In the yeasty atmosphere of Roosevelt's New Deal, scores of social experiments flourished. Not all of them successful, not all of them destined to last, but all shared the common purpose of building a country from whose basic benefits and privileges no one was excluded.
The Resettlement Administration laid out model communities for displaced farmers and refugees from shattered industrial cities . . . the Farm Security Administration maintained migrant labor camps that sheltered thousands of families like John Steinbeck's Joads . . . the Tennessee Valley Authority brought electricity, and with it industry, to the chronically depressed upper South.
The New Deal also succored the indigent and patronized the arts. It built roads and bridges and hospitals. It even sought a kind of security for the land itself, adding some twelve million acres of national parklands . . .it erected mammoth dams . . . that were river tamers and nature busters, to be sure, but job-makers and region builders, too.
Above all, the New Deal gave to countless Americans who had never had much of it a sense of security, and with it a sense of having a stake in their country. And it did all without shredding the American Constitution or sundering the American people. At a time when despair and alienation were prostrating other peoples under the heel of dictatorship, that was no small accomplishment.
I especially enjoy Kennedy's inclusion of a quote by the great columnist Dorothy Thompson, written in 1940:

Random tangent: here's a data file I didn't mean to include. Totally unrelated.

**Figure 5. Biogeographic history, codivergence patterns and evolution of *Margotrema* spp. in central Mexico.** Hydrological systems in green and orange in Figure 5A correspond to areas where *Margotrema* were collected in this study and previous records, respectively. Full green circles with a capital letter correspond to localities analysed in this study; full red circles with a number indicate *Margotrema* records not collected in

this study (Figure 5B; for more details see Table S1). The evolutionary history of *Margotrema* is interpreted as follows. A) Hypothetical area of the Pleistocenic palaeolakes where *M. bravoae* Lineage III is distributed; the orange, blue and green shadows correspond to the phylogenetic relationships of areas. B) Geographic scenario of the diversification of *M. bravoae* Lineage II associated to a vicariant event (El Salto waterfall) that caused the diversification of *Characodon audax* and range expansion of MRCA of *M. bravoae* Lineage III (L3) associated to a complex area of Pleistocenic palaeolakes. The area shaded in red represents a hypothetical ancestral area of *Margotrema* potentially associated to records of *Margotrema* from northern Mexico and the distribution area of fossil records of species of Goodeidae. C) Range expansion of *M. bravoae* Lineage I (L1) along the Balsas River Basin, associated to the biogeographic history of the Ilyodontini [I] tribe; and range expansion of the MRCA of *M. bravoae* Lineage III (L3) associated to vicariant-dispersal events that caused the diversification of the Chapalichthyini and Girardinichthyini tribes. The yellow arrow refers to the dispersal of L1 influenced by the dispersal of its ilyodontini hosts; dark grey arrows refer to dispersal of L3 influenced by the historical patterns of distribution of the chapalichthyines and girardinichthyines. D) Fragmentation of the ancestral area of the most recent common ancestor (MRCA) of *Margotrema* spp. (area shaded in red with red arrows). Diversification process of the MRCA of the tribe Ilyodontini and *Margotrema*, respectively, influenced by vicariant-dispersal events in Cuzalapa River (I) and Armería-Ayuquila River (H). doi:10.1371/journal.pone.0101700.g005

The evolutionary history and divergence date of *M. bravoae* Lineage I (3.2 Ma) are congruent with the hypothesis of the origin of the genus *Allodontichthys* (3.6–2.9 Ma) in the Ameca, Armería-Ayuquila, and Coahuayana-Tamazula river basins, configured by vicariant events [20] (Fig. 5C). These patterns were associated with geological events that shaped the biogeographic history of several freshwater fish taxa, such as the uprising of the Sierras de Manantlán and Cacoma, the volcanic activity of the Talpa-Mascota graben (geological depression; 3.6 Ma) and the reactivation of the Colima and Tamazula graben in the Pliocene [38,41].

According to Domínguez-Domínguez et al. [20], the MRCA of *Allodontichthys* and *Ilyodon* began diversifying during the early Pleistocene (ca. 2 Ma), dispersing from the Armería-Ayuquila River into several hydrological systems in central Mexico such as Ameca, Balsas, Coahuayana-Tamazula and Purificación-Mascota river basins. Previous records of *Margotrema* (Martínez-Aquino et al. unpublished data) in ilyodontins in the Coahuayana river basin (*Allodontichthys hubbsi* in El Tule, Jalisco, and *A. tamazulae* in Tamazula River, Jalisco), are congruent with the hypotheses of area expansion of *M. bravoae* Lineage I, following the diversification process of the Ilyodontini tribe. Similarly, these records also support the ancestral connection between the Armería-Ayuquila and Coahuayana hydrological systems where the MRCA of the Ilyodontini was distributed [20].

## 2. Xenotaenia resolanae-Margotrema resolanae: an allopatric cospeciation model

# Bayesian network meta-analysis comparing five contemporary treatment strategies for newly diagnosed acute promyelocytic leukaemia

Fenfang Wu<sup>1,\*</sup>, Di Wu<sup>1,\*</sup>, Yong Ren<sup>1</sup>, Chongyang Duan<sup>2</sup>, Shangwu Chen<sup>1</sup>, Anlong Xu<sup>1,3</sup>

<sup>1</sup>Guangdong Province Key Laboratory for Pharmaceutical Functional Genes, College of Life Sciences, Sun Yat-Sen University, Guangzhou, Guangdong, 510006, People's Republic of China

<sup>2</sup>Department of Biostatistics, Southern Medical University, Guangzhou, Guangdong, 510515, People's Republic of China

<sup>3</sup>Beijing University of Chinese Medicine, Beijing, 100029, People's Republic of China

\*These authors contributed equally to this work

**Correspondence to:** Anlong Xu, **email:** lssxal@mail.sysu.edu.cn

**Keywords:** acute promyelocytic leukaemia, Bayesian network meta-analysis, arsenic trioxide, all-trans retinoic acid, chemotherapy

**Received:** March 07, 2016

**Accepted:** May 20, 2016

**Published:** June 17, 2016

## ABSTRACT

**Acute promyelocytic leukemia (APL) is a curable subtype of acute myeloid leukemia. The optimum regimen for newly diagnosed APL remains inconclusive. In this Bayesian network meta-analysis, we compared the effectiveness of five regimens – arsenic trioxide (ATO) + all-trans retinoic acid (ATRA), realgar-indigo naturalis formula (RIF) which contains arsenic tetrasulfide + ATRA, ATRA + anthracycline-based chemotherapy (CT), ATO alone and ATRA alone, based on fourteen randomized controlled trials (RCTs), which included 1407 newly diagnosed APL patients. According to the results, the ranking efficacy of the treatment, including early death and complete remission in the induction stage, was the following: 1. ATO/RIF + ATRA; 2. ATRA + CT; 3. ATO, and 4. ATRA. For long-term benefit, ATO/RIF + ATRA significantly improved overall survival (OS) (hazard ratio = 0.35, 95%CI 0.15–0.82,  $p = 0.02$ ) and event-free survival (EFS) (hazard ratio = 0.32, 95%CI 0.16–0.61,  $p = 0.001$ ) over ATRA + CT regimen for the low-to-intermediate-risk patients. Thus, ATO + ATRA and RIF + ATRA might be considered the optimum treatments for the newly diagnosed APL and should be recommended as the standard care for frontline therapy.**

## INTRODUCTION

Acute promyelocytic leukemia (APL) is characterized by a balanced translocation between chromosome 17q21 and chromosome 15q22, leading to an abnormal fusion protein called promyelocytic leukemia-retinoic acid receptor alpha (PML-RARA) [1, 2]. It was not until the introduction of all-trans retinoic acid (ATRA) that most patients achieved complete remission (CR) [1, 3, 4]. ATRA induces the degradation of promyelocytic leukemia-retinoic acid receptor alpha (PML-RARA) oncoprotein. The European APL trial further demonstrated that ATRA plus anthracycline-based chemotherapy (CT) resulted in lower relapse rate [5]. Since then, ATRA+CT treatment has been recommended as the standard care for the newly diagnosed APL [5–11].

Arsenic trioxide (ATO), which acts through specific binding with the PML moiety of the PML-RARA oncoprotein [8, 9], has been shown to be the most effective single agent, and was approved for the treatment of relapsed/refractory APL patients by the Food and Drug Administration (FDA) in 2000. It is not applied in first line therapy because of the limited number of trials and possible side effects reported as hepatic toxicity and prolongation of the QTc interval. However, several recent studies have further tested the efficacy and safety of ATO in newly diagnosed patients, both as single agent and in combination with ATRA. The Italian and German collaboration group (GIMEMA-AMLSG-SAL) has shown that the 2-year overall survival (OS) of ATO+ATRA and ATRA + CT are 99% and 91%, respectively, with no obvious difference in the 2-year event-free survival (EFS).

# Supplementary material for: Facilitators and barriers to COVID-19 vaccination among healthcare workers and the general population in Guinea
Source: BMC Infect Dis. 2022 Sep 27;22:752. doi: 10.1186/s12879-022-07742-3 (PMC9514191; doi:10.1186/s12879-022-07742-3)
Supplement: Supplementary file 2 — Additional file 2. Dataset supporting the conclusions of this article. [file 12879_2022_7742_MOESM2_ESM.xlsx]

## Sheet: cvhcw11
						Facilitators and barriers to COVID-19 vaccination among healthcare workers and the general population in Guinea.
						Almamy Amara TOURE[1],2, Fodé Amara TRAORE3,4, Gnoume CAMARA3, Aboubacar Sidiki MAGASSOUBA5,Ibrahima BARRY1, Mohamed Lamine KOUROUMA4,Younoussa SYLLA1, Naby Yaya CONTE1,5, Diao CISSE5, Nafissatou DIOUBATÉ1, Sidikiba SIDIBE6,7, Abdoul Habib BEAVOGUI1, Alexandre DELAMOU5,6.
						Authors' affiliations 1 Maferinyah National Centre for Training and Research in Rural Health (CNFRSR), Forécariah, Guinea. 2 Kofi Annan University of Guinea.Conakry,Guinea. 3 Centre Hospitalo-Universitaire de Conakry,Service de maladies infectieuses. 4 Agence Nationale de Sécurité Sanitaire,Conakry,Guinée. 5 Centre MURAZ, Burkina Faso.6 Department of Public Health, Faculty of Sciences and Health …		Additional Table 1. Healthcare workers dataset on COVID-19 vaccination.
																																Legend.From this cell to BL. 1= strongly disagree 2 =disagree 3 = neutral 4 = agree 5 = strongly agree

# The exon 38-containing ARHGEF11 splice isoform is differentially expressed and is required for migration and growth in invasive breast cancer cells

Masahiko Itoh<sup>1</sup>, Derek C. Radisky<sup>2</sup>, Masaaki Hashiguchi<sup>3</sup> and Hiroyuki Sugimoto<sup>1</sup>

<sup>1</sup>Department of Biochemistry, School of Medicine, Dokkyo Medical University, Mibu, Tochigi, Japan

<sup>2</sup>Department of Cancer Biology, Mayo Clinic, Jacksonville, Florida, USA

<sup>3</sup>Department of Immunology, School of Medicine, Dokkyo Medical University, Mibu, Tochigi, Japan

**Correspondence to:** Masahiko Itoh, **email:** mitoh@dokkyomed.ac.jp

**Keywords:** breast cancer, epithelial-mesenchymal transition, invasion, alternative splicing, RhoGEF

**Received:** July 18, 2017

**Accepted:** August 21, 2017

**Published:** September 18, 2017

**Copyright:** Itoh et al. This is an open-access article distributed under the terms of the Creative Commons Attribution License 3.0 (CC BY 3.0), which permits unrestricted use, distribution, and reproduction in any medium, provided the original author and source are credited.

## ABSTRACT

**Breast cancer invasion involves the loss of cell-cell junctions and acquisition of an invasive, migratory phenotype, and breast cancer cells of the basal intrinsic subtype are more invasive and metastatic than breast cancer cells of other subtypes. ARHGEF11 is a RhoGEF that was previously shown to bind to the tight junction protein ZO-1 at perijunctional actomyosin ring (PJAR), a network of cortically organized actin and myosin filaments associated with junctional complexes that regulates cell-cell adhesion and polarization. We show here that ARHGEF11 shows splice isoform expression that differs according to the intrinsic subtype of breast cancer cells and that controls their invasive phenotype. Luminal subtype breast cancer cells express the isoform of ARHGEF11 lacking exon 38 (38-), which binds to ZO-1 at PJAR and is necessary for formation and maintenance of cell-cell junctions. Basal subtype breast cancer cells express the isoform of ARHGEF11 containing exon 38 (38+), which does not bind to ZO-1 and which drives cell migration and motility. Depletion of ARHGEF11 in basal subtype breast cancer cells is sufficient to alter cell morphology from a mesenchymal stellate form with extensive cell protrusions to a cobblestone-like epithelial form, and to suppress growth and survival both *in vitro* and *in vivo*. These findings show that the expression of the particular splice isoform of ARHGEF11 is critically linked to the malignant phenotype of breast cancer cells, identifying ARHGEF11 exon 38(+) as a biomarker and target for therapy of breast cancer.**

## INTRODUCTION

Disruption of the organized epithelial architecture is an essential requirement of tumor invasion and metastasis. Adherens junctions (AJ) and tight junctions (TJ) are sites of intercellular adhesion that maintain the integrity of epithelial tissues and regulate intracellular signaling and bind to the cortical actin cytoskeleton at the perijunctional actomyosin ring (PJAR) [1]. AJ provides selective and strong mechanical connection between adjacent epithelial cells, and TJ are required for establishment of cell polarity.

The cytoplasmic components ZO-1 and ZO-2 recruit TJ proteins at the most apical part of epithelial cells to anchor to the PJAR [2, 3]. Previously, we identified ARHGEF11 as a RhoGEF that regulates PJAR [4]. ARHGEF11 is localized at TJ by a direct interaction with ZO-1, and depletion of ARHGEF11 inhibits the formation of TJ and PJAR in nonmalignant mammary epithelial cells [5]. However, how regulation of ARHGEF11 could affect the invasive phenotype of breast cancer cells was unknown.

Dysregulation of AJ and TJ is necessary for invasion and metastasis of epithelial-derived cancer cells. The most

We have behind us eight terrible years of a crisis we have shared with all countries. Here we are, and our basic institutions are still intact, our people relatively prosperous, and most important of all, our society relatively affectionate. No rift has made an unbridgeable schism between us. The working classes are not clamoring for [Communist Party boss] Mr. Browder and the industrialists are not demanding a Man on Horseback. No country in the world is so well off.
Kennedy goes on to explain that the infrastructure built by The New Deal was, quite literally in some aspects, the foundation for the economic recovery that followed. And yes, the first productive use of that foundation was preparation for World War II; however, that foundation was also there for production of consumer goods after the war on a scale previously unimagined. Power to supply factories, transportation systems for the movement of goods, workers able to buy homes and goods, economic activity generated by an aspiring middle class; these are the economic legacies of The New Deal. The singular criticism that the nation's industrial capacity, as preserved, sustained and developed by The New Deal, was first deployed in winning World War II pales into insignificance when weighed alongside all that was achieved.
Here we are in 2008 again facing the dual needs of rebuilding our infrastructure and putting people to work. Both needs are being fully explained and debated in this and other forums. My contribution is that public works projects are sometimes not the most efficient remedy for bad economic times. Nor should private enterprise become primarily dependent upon government subsidy. There are times, however, when needs match. [Note to Congressman Carson and Mayor Ballard: This is the time to seek federal funds for the northeast corridor light rail system.]
The President-elect appears to understand the present match of needs. The New Deal is the model for both what to do and what not to do. I am excited about the prospects. I want to live long enough to see an efficient and eco-friendly "bullet-train" system crossing the country, public power utilities that turn waste into energy, bridges that are works of art, schools treated as well as stadiums, cities renown for their libraries, museums and green spaces, New Orleans restored; all this and more, the tangible evidence of a 21st Century New Deal.